IMG_0569
Blog powered by Typepad

« | Main | The Search for an Eternal Norm: excerpt (part two) »

Comments

Ha! I thought, up until the last line, that you, MP, had written this and I was most impressed. Still, thanks for posting it. Sometimes the only solice a free thinker has in the world of corrupt group think is knowing that there are others out there who understand and feel the pain.

Another form of solice would be winning the big lotto and being so stinking rich that one could pursue whatever endeavor or form of self expression that one desired - no, that one's soul and passion demanded - in the manner that one desired; unfettered by the all pervasive web of corrupt dogmatic social pressure.

In fact, one could then set the tone, if not the exact message, of the group think as mediocre minds in our society tend to pay obedience to those with money, but then again, who wants an entourage of slavish fools?

Any how, an interesting perspective on Hamlet's suffering.

"This is to say that I set Hamlet above Fortinbras, although it would have been better if Fortinbras have been born Prince of Denmark."

The author of this statement would seem to be more of a thinker than a man of action so I am not surprised at his preference for his own type.

I think it's impossible to say which type is better for civilization. Certainly thinkers have helped and hurt civilization. Communism being an example of the latter. It is the men of action who have gotten civilization into trouble following those thinkers but it is also the men of action who have gotten civilization out of trouble fighting them.

This reminds me of an old joke: There are four types of people defined by the two characteristics "intelligence" and "industriousness". Intelligent and industrious people are the people who make history. They contribute leadership and progress to civilization. Those who are intelligent and not industrious also make a great contribution. They make the best engineers, always finding ways to get more done with less work. Even stupid lazy people can be useful. If they are supervised well, they can do useful work. However the curse of humanity are those who are stupid and industrious.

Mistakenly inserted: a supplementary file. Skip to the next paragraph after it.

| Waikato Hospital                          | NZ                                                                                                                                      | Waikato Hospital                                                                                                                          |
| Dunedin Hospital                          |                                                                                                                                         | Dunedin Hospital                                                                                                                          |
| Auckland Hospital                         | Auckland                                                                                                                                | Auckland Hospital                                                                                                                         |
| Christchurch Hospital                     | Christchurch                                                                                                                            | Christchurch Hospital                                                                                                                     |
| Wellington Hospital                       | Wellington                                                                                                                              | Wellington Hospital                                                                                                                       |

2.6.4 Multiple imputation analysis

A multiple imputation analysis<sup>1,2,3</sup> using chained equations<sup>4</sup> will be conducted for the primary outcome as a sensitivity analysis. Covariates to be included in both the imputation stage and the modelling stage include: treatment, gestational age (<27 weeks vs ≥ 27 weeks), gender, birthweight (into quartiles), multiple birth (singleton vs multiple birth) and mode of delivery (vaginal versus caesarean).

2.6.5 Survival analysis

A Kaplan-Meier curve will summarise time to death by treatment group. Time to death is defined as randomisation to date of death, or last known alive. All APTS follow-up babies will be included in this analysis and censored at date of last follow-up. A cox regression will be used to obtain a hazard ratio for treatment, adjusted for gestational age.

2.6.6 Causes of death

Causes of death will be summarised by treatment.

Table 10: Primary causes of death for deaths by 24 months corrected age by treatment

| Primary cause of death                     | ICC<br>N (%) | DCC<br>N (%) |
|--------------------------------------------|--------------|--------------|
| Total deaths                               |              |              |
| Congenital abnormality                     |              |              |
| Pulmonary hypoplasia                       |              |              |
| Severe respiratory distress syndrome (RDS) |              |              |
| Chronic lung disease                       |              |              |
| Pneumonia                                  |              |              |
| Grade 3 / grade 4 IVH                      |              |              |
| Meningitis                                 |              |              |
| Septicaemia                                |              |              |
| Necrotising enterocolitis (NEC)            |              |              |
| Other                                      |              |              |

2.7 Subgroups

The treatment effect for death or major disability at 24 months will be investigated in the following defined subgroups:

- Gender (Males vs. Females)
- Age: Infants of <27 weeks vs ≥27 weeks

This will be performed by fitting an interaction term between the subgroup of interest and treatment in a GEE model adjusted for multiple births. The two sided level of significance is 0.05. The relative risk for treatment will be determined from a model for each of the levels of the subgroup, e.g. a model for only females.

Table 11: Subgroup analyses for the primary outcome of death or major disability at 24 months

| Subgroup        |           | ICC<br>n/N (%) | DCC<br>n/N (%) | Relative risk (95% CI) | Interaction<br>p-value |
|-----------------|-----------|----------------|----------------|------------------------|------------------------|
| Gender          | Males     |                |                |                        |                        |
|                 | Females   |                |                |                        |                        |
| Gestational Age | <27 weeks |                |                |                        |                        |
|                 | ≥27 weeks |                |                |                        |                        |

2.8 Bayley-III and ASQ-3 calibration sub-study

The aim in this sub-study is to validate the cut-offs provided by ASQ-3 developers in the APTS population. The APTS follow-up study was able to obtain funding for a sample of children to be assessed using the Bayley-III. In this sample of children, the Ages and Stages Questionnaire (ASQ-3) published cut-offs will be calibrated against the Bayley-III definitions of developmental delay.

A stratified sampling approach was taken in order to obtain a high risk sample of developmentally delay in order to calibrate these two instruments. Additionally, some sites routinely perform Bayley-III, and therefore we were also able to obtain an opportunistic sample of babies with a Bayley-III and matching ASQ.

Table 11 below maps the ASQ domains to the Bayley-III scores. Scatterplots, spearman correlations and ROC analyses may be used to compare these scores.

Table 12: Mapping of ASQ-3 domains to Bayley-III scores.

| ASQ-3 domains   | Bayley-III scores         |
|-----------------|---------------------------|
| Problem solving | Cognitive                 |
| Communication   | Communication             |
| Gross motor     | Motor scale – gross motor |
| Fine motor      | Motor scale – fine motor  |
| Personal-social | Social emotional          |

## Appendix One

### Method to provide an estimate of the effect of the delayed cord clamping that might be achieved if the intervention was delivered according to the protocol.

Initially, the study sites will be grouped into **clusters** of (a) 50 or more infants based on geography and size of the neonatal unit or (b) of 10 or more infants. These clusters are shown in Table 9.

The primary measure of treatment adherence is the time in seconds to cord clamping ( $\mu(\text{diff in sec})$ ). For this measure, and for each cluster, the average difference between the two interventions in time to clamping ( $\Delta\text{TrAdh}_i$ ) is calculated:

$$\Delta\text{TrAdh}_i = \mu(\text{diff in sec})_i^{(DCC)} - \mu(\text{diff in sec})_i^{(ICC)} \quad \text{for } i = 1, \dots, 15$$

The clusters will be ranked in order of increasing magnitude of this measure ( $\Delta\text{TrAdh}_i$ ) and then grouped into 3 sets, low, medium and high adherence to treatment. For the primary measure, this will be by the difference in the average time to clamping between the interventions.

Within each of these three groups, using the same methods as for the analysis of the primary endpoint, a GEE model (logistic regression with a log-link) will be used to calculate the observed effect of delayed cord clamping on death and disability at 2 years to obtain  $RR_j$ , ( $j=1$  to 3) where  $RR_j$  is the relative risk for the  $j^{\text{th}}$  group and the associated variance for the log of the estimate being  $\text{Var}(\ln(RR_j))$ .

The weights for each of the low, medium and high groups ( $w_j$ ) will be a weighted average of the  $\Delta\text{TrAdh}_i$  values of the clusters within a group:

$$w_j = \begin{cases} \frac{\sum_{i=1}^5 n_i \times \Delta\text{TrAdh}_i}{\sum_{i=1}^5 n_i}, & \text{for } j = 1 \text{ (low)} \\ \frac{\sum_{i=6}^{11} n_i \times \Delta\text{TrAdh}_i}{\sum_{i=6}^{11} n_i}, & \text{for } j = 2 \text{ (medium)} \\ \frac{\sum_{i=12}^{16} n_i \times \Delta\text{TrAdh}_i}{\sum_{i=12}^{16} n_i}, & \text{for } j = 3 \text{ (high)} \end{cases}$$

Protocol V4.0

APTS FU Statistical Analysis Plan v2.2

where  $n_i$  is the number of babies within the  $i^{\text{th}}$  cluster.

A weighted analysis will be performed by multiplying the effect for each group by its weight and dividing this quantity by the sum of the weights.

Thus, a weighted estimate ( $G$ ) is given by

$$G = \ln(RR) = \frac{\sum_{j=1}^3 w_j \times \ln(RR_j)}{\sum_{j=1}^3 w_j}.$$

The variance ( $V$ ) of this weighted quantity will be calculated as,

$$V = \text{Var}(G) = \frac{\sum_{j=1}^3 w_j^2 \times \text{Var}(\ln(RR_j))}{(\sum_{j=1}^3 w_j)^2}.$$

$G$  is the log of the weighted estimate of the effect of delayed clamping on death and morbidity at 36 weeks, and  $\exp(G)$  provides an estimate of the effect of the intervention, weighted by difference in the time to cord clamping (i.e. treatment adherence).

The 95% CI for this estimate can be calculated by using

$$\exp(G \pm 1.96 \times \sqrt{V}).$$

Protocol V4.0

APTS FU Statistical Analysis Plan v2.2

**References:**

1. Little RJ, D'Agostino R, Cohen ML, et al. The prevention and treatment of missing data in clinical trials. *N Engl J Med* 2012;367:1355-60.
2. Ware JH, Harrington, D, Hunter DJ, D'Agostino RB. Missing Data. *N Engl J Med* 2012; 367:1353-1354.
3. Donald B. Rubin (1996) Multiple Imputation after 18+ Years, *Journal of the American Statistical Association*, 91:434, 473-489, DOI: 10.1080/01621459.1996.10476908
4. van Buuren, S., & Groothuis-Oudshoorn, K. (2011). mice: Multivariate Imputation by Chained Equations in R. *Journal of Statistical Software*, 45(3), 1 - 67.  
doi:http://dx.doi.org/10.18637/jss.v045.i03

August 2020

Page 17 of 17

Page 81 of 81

I've see the part about stupid hardworking people to be true, much to my own dismay.

"Most book-reviewers rarely do more than sample the books they review. "

tldr

rotf lmao


Very interesting analysis, but personally, I wouldn't want to be too holier-than-thou. To be born human is to be born to lie. Even Hamlet pretends to be mad - his "antic disposition" leads to Ophelia's death.

The author is right in some ways, but I think the actual situation is much, much more complicated than he realizes.

We could make a square graph with two axes: Orthodox/Heterodox and True/False. Then we'd be closer to the actual situation.

Orthodox/True. The author doesn't acknowledge this quadrant, but it probably makes up about 80% of human knowledge. For the most part, sticking to the CV is a good idea. I'm talking about in many non-controversial cases. For example, kitchen towels shouldn't be made of nylon, and one shouldn't feed a dog chocolate bars.

Orthodox/False. This is what the author is rightly complaining about.

Heterodox/True. This is what the author is rightly celebrating.

Heterodox/False. The problem that the author is not really acknowledging. People advocate heterodox but false positions all of course think of themselves as holy rebels, but most are idiots. For every Voltaire, there are 1,000 idiots who think they have something to contribute but don't.

The close-minded skeptics are of this ilk. They think they are rebelling against the bane of religion, etc., but in reality they are wrong and forming their own insular orthodoxy at the same time.

Plus, there is probably also a z-axis of Known/Unknown, which further complicates things.

I like to think of myself as a hermetic rebel, but I try also always to keep in mind that one of the great pitfalls of the ego is to think that one is different and righteous while one is in fact just stupid.

"Especially in the competitive upper ranges of society, the positions that people take on the issues that confront them, the attitudes they strike, are based, not on a concern for what is true, but on the objective of gaining credit for “right thinking.” In an elementary form this can be observed among young intellectuals in the lobbies of any concert-hall after a symphonic performance. Each in his comment tries to give an impression of critical appreciation, using a fashionable vocabulary to show that he is one of the initiated."
That reminds me of this episode from The Catcher in the Rye, p. 164:
"At the end of the first act we went out with all the other jerks for a cigarette. What a deal that was. You never saw so many phonies in all your life, everybody smoking their ears off and talking about the play so that everybody could hear and know how sharp they were."

Something that I find troubling is that not many people seem prepared to commit themselves to changing the social mentality away from conformism. :-(

The comments to this entry are closed.